Kayaking isn’t rocket science, neither is it particularly expensive, but it can give you a great workout. So if activities like going for a run or climbing onto a bike don’t float your boat much, maybe you should consider giving paddling a try. That said, here’s how I got into kayaking – hopefully my journey will help motivate you into taking up this amazing, multifaceted sport!

Not all of us were born to run, or clock-up kilometre after kilometre along winding trails on a mountain bike. Fortunately, there are many ways for active types to burn calories, get fit and have some quality outdoor fun that have nothing to do with “mainstream sports”. I definitely fall into this category. I’ll happily lug heavy camera gear around with me on a 15 km day hike. But if you ever catch me running, chances are something bad’s going down – like I’m getting shot at! And I enthusiastically dumped my bike chain for the rush of an internal combustion engine decades ago.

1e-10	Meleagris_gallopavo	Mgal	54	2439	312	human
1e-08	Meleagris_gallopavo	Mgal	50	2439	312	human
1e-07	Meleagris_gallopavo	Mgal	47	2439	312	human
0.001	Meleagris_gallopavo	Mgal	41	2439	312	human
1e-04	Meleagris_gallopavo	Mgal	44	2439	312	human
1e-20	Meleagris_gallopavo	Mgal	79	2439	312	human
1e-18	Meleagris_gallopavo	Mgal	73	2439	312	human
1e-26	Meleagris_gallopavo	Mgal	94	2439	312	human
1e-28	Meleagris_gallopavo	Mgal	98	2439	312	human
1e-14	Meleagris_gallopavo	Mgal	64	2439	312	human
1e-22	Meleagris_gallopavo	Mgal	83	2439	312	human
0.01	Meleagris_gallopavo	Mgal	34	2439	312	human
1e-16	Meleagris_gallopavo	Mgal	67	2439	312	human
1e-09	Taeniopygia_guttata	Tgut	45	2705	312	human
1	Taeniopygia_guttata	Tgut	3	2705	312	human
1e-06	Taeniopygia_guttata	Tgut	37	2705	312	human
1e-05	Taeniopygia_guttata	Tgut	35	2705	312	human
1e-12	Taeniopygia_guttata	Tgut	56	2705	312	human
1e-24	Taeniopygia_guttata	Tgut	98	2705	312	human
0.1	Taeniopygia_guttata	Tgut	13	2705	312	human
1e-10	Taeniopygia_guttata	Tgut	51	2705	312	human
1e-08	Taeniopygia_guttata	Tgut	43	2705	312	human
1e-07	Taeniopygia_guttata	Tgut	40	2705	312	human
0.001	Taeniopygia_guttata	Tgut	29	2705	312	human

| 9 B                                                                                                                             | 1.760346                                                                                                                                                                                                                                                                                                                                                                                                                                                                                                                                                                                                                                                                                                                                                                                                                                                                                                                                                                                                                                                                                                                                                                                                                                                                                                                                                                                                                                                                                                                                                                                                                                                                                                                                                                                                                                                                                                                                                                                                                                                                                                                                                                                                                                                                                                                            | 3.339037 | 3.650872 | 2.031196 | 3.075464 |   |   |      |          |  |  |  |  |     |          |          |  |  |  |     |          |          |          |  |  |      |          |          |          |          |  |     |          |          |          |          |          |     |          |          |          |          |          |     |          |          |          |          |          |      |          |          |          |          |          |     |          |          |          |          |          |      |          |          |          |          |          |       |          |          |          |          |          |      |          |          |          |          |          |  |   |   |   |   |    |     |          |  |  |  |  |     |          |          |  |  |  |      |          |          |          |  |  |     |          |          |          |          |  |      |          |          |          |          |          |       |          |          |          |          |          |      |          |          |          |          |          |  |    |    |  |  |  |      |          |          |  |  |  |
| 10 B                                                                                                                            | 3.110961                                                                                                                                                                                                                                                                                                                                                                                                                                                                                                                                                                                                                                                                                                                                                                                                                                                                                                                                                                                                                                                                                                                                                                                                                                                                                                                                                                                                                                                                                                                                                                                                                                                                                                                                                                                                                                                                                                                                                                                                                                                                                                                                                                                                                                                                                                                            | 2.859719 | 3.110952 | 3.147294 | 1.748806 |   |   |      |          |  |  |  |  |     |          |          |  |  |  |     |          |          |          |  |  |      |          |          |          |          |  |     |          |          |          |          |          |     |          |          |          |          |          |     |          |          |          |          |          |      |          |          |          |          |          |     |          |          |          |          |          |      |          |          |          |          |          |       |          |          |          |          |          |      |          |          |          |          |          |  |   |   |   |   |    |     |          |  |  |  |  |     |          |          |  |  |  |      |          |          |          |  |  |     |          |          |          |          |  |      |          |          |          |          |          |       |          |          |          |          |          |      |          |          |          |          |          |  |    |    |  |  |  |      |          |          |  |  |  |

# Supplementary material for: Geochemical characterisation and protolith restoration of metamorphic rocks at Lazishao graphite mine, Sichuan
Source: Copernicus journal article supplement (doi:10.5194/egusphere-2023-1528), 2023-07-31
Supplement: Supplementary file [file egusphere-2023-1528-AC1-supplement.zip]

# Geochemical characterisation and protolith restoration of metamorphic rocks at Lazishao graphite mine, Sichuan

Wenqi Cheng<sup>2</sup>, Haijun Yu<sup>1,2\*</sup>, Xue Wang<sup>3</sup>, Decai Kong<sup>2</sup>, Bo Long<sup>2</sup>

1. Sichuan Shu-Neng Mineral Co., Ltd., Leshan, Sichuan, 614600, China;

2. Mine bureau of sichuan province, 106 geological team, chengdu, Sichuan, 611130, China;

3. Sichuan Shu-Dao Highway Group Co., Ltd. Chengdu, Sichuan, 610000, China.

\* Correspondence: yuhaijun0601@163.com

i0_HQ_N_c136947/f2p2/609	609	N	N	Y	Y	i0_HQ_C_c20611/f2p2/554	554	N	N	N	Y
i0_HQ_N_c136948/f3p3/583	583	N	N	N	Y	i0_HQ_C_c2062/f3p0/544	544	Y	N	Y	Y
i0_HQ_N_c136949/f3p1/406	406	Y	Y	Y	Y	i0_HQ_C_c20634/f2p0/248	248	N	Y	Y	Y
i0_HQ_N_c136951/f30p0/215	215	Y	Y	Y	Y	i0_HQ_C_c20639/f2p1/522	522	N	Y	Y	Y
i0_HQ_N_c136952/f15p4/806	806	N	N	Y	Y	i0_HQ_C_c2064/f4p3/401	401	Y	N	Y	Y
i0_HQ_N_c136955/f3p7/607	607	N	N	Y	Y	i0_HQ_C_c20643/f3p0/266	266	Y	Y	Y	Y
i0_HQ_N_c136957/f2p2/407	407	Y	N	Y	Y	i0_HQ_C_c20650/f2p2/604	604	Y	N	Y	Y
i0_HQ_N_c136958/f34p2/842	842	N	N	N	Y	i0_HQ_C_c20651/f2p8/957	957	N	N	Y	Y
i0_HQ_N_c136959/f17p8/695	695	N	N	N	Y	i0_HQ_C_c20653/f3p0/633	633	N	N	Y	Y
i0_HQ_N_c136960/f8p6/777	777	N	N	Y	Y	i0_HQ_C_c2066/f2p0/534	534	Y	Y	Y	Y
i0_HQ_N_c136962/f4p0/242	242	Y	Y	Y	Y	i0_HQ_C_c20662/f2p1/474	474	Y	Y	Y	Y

My main outdoor focus has always been water. (Although it must be said, hiking comes a close second.) My childhood passion, swimming, later morphed into scuba diving which, in turn, stoked my interest in powerboats and, ultimately, moved me on to sailing – where my interests remained stuck for longer than I care to remember. That said, I don’t have a competitive bone in my body, so the thought of taking any kind of racing seriously just gives me the creeps. As a result I prefer more chilled, less structured activities where I get to push myself physically – often without realising it – while simply enjoying myself outdoors. So yeah, I definitely see myself more as a “weekend warrior” than a dedicated sports enthusiast.

How I got into kayaking
The kayak touring seed got planted in my brain back in 2013 when I signed up for a short offshore paddling course in Cape Town. However, I was still besotted with the 18-foot daysailer I had at the time, so it remained just a fun experience. But when I moved back to Gauteng last year everything changed – now landlocked, I had to come up with a radical new plan to get my “water fix”!

Chad Andrews from Canoe Concepts playing model on our NavWorld photoshoot.